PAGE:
Last week, Kate Spade and Anthony Bourdain, two of the most brilliant minds and personalities in their respective industries, died by suicide. Also last week, we learned that the suicide rate in Minnesota continues to increase – in fact, it’s up 40.6 percent over an 18-year period. The statistics show a similar upward trend in all states except Nevada.
Although tragedies like these are unfortunately not a new phenomenon to those who work in the mental health field, including me, let’s acknowledge that last week was an especially tough one. Be it a handbag designer, a celebrity chef or one of the 745 Minnesotans who died by suicide in 2016, suicide is always a tragic loss that touches so many.
These tragedies remind us that we all have mental health, and that mental illness does not discriminate based on gender, race, career or socioeconomic status. We’re all navigating a system filled with silos, gaps in the continuum of care and a dizzying amount of coordination to access mental health treatments. And that’s if you have halfway decent health insurance, support from family and friends, a stable living environment, and the mental fortitude to forge through this maze while you’re at your lowest low.
Failing those who need help the most
If you’re one of the many who do not have these, the situation is even bleaker. In 1999, then U.S. Surgeon General David Satcher called suicide “a significant public health problem.” That was nearly 20 years ago. Today, it’s more than a public health problem – it’s a public health crisis. As a health care system and as a society, we’re failing the people who need help the most.
If there is a glimmer of hope amidst this terrible news, it’s that people are talking about mental health. High-profile actors and athletes are opening up about their own struggles. People are taking to social media to share their thoughts on Kate Spade and Anthony Bourdain’s passings. In homes and around water coolers across the country, people are engaging in conversations about mental health. And where there is conversation, there is hope that more awareness and understanding of mental health is coming.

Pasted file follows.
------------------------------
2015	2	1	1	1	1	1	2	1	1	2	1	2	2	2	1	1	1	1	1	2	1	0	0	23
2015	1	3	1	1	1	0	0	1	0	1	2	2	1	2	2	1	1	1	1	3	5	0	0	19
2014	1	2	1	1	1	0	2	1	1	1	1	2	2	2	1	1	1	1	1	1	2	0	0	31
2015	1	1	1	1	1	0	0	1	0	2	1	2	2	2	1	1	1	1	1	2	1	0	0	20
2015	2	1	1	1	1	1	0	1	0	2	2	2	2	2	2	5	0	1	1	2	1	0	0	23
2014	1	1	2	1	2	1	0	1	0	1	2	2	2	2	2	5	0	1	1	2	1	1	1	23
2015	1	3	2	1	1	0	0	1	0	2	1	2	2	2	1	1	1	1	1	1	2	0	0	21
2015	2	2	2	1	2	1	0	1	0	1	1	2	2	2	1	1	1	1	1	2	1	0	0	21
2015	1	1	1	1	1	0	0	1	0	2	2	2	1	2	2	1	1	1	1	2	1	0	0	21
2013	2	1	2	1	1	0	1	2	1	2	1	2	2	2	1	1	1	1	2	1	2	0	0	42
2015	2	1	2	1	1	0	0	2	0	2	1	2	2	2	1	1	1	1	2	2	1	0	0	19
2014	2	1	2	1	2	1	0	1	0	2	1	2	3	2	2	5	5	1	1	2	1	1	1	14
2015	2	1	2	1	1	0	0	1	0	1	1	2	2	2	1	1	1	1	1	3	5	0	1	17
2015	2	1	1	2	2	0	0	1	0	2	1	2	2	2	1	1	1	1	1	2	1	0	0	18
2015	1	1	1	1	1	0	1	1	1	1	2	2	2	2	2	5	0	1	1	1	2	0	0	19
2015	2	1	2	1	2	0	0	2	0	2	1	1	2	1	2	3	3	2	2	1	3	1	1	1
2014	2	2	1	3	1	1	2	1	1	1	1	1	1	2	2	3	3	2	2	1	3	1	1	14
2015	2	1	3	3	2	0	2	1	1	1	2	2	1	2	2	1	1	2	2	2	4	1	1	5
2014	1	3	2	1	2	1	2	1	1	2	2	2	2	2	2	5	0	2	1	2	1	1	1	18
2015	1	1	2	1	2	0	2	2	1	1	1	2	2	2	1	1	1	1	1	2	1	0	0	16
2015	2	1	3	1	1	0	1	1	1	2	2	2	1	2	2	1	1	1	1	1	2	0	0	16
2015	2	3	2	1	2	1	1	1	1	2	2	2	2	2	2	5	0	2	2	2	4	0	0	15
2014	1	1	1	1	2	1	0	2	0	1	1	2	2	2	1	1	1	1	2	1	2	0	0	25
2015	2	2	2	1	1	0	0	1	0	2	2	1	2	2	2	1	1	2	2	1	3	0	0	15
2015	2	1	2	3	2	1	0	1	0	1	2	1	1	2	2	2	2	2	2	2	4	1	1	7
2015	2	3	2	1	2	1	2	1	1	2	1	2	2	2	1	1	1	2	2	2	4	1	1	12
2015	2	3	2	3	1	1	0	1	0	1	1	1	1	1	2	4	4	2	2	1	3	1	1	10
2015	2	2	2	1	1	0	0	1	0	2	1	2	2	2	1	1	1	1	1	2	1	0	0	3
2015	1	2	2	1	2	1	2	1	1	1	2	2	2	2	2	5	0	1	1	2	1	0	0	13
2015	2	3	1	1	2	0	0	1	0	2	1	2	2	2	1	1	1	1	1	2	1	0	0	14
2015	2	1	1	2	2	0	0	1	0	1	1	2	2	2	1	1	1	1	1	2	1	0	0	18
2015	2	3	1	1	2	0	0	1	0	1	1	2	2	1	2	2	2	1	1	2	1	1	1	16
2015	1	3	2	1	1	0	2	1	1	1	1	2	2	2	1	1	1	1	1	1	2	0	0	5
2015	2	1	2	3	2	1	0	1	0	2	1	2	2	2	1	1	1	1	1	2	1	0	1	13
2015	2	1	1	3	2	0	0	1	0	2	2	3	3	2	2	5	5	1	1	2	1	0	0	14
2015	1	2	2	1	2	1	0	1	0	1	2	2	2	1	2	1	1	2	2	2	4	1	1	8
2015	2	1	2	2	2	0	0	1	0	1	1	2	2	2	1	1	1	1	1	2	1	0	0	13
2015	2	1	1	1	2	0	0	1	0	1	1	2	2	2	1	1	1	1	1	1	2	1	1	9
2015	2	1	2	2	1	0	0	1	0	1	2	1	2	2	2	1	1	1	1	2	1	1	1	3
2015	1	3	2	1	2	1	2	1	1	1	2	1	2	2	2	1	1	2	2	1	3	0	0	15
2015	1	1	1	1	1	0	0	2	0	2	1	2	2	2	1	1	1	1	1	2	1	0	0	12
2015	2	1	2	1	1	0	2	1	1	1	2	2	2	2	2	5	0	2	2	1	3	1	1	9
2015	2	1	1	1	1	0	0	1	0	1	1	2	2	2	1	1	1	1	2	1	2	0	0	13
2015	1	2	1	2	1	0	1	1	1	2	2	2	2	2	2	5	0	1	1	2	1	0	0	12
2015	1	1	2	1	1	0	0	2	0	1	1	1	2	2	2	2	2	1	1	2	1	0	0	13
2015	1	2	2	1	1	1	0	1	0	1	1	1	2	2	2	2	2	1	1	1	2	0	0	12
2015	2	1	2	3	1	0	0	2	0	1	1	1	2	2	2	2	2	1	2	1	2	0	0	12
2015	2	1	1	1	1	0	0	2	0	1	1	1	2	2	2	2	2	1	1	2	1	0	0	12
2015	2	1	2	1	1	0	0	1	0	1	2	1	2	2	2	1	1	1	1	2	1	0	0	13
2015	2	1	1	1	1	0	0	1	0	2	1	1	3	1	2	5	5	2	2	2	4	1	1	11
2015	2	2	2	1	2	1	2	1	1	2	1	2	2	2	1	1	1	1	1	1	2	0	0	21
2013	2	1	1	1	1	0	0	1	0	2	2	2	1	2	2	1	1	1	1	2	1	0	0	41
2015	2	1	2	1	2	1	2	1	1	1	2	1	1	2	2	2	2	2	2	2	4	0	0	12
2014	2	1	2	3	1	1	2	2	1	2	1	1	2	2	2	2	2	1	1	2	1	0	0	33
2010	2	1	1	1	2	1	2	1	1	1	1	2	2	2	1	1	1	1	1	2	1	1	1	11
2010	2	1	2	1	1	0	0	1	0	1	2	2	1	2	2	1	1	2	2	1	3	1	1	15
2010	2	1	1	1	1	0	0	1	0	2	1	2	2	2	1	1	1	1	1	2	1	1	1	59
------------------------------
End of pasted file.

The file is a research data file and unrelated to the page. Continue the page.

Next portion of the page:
Beyond awareness and understanding, there is also a growing urgency to take action and build a better mental health care system for all. Those of us in the mental health field have been working to do just that. Today, I’m confident that those who don’t work in mental health are beginning to feel that same urgency. Now is the time to do better by those experiencing mental illness. Now is the time to better help those individuals’ families and friends who are trying to support them. Now is the time for our local community and systems to better understand and provide care.
Ways to help yourself and other Minnesotans
How? If you or someone you know needs immediate help, call the National Suicide Prevention Lifeline at 1-800-273-8255. If you’re seeking mental health treatment, have a conversation with your primary care doctor, who should be able to connect you to specialists and resources for your situation. You can also contact a number of mental health care providers in Minnesota including People Incorporated.
And if you’d like to help build a better mental health system for Minnesotans, consider volunteering your time or contacting People Incorporated or other mental health care agencies on how you can make a difference. Because now is the time for us all to come together as a community to improve the mental health access and care for all, and we need your help.
Jill Wiedemann-West is the CEO of People Incorporated, Minnesota’s largest community based provider of mental health services.
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